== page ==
In this week's KDE Commit-Digest:
- Okular now supports searching for words with ligatures
- Work on new NetworkManager 0.9 branch in NetworkManagement and PEAP-GTC wireless authentication suppport
- A new plugin which provides a rating and an annotation menu action for files and folders (Dolphin/Konqueror) from Nepomuk
- A new dataengine in Plasma that returns Activities thumbnails
- Support for newer Linux kernels and extended support for terabytes and petabytes in KSysGuard along with many bugfixes
- New multithreaded puzzle class put to work in Palapeli, removing the first-run assistant and adding puzzle list sorting
- Proof-of-concept implementation of games as plugins for Tagaro
- Automatic updating of comics added to the Comic Strip plasmoid
- Fixes for S/FTP connections in Dolphin and other applications using the FTP KIO Slave
- Work on improved table layout in Calligra, improved DOC support, and many bugfixes
- Bugfixing in Amarok including fixes for IPod Classic detection
- Bugfixing throughout Rekonq in preparation for the next release
- Bugfixing in KDevelop, Digikam, Kst, and KTorrent.
This week's champion is Camila Boemann for fixing bug 127571 which is more than 6 years old!
Camila is a newbie wrt Dawit: he fixed bug #34578 dating back to KDE 2.2, gcc 2.95, Linux 2.4 times, which is nearly 10 years old!
I think it's pretty sad that bugs are allowed to live that long. 6 years to fix a bug?
It's pretty annoying actually, even more so when bugs are reported that aren't even acknowledged - like this one of mine:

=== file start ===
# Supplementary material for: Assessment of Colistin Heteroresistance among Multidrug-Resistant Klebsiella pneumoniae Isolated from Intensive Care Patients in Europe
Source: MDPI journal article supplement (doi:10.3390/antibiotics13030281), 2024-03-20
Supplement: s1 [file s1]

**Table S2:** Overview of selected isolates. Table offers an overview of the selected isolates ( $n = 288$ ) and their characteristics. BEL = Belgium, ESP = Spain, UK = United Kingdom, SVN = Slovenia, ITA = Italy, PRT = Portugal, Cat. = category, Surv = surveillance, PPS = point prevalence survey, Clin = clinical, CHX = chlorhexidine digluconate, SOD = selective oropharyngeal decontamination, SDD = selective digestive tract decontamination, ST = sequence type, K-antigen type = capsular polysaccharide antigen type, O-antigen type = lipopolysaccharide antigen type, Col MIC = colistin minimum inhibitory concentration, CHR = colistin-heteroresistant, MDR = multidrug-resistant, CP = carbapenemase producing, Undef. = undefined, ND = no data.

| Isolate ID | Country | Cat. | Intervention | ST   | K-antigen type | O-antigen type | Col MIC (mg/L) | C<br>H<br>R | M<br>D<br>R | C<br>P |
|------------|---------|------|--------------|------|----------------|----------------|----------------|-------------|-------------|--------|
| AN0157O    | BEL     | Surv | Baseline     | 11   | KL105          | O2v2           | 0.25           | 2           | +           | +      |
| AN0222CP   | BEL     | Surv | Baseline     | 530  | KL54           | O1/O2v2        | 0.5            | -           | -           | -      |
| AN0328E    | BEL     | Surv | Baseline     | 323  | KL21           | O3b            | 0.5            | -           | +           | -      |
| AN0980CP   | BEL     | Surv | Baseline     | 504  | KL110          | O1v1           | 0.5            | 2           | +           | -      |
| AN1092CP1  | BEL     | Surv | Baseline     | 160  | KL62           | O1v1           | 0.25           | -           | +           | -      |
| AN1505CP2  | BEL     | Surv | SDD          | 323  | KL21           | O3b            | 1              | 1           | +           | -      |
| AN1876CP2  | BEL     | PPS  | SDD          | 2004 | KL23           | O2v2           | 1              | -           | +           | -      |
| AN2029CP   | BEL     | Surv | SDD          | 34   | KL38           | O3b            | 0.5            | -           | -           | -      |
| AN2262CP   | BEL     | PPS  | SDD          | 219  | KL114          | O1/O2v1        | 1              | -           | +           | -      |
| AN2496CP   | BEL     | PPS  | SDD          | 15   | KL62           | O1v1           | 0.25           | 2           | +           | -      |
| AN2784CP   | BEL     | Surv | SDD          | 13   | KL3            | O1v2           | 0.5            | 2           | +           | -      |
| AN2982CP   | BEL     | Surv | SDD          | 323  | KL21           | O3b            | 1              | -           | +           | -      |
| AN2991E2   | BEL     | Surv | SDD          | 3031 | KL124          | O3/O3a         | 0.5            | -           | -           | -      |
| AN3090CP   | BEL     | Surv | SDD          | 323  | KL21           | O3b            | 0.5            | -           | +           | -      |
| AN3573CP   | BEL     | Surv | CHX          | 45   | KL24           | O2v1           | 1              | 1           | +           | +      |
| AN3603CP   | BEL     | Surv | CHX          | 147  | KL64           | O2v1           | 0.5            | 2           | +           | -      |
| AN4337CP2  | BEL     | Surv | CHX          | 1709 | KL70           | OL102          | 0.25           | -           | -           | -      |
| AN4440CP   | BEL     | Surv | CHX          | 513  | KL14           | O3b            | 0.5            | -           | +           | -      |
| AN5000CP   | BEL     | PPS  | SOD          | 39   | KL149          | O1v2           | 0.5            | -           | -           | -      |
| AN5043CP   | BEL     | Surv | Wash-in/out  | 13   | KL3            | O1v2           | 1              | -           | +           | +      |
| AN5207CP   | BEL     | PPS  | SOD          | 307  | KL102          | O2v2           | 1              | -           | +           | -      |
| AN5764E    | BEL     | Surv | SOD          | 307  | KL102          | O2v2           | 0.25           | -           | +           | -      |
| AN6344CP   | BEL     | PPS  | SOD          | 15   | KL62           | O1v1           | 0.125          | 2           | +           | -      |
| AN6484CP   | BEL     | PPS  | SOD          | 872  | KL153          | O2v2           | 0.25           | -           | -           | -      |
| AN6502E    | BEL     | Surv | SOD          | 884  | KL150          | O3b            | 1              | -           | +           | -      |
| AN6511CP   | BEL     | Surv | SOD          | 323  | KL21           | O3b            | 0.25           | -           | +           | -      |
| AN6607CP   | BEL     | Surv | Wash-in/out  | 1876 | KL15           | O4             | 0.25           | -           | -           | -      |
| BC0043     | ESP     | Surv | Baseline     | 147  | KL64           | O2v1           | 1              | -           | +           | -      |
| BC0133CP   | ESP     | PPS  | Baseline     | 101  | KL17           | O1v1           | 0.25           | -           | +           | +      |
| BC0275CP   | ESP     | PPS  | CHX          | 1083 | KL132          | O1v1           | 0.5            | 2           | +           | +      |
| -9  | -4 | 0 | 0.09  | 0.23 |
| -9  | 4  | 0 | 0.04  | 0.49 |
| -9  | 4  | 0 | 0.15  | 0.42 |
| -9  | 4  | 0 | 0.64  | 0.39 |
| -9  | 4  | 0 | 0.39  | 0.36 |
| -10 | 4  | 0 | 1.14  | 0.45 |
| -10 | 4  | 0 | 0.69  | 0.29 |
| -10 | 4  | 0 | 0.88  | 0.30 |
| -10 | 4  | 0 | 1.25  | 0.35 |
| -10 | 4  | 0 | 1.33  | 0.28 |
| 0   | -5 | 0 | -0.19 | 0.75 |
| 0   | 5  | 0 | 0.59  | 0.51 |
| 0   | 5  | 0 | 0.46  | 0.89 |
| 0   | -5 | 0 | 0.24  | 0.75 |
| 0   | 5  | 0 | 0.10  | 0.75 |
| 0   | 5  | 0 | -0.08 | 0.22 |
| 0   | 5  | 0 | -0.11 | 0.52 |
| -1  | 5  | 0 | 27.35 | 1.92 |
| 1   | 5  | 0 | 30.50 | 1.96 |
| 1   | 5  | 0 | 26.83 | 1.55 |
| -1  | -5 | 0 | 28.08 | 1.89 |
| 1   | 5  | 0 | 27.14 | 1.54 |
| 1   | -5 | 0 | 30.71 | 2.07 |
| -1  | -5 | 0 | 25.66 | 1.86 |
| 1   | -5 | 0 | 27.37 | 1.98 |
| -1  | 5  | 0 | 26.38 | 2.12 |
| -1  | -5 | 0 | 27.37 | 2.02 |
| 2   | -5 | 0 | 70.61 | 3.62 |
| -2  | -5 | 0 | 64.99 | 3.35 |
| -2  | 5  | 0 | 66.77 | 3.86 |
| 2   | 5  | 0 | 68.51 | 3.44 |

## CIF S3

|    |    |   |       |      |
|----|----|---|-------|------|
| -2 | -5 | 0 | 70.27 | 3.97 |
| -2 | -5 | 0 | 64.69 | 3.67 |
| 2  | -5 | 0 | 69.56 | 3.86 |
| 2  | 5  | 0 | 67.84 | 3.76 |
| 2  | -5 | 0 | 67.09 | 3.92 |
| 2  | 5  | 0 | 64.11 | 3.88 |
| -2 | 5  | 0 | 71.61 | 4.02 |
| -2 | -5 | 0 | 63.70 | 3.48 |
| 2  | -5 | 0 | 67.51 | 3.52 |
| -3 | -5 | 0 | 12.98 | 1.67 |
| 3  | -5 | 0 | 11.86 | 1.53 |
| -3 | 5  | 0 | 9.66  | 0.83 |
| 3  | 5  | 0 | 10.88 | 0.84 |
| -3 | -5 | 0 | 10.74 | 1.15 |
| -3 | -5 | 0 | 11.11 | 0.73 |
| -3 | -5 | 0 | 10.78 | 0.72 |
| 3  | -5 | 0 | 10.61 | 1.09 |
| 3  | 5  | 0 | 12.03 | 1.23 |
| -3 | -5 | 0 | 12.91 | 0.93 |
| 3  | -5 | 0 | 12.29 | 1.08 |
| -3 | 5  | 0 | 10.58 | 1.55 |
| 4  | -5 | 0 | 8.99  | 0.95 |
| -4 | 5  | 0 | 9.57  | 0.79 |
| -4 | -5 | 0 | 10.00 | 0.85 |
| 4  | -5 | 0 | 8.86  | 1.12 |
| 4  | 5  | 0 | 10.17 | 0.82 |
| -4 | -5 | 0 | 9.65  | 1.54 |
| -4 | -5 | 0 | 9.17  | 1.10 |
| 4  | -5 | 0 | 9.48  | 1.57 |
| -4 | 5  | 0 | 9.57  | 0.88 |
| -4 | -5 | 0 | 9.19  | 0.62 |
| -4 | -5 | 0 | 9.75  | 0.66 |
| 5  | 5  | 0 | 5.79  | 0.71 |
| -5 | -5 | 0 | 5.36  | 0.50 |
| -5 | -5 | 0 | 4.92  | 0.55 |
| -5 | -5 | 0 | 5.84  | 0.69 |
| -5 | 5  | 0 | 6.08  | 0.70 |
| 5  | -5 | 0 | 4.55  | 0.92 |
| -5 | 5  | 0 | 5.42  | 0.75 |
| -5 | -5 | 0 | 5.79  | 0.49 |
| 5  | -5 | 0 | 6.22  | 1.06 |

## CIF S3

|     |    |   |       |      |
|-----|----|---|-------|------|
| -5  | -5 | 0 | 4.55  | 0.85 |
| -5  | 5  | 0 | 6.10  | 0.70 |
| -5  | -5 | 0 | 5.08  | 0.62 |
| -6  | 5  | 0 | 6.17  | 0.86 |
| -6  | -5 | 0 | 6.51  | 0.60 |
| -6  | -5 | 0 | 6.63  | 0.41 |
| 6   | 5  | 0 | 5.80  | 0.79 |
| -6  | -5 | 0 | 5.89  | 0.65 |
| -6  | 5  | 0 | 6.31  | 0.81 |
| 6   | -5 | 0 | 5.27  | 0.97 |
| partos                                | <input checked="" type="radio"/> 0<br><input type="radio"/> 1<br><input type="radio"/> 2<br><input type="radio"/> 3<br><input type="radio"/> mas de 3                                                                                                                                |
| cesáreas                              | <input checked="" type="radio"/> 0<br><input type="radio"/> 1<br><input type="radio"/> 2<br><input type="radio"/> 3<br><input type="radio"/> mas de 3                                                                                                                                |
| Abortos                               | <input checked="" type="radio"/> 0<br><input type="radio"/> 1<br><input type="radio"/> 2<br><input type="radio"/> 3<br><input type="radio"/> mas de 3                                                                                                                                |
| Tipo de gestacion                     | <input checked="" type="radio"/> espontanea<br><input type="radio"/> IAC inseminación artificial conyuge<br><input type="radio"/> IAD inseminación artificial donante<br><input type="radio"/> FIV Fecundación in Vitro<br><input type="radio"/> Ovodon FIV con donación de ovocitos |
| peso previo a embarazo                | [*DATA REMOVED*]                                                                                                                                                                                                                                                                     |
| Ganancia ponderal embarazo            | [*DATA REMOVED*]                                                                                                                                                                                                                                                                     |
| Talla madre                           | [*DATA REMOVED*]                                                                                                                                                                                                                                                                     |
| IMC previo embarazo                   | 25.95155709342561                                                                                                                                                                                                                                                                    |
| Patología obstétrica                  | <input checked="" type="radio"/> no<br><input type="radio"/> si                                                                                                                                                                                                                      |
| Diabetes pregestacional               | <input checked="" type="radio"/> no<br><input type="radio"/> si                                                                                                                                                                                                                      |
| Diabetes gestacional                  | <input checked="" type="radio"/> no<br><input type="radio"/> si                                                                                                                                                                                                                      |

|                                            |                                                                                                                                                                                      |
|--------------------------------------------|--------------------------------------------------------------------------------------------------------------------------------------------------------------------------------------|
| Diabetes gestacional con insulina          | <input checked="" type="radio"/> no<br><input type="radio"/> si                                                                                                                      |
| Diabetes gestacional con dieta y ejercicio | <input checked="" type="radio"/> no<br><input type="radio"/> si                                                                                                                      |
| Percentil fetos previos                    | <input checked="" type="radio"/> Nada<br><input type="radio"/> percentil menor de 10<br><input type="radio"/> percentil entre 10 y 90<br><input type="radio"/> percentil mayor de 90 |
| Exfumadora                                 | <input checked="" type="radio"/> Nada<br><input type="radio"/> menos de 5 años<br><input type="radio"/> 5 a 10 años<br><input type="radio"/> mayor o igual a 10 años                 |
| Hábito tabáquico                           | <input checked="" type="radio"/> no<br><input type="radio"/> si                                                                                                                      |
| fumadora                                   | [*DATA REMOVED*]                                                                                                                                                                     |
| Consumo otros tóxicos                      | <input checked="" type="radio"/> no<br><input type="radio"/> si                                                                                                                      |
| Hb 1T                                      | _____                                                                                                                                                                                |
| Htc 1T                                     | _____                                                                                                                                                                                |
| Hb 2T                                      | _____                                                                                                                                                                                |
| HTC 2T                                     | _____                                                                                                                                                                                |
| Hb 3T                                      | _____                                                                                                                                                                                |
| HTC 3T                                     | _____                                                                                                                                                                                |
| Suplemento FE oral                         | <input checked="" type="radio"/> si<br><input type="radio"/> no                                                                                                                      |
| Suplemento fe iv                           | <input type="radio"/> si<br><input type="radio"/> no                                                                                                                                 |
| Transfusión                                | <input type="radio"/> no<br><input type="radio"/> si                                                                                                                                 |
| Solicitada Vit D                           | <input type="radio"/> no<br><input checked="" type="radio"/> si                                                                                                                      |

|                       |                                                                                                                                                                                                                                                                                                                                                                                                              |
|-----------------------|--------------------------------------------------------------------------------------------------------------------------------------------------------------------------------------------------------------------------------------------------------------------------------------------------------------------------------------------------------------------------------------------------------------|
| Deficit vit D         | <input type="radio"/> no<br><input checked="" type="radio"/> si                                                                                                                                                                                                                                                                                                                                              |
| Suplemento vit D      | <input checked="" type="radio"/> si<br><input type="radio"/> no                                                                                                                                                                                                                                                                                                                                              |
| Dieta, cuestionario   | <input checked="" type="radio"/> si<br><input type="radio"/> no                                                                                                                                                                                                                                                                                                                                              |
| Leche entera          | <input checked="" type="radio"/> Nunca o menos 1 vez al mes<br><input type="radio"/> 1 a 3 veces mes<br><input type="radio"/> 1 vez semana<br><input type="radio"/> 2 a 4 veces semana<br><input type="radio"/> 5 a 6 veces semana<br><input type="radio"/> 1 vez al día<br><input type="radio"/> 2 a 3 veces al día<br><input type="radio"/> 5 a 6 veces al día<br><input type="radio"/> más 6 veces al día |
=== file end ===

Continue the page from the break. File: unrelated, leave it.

do you propose to disallow bugs living on for this long?
Make sure to provide a detailed, feasible plan within the next ten days that includes an implementation timeline with detailed fallbacks in case your implementation does not reach its milestones.
Just delete all bugs that are older than 365 days. This way there won't be any bugs that are older than one year ;-)
Or, instead of sarcasm, how about having 4.6.4 or 4.6.5 "bug killed" versions where bugs older than 365 days are either fixed, or marked "Can't Fix / By Design" or similar?
My other point was that I filed an accurate, reproducible bug with a screenshot and it hasn't even been assigned to anyone.
You could start learning how a volunteer-driven open source project like KDE actually works. You complain that your bug hasn't been assigned to anyone. Big surprise for you, perhaps, but there isn't anyone who can assign your bug to someone else. There are no managers. Generally, developers pick the bugs they want to work on themselves. And there might be nobody who can fix your bug, and even nobody who can try to reproduce and change the status from unconfirmed to new.
Sure, we could handle bug reports better. But the sad fact is that the libraries have a very low number of developers working on it and it's impossible for them to triage all bug reports and do some useful work, like fixing issues or implementing new features. So now it's up to you again: try and help out, for instance by triaging bugs as they come in, or even helping to fix them.
Interested in adding this as a part of the regular Commit-Digest? Apply here: http://enzyme.commit-digest.org/
You can find the source code at the Enzyme homepage: http://enzyme-project.org/
If you really mean https://bugs.kde.org/show_bug.cgi?id=127571 (new feature: split the image), that wasn't Camila, but Srikanth Tiyyagura, a new Krita hacker from Andra Pradesh!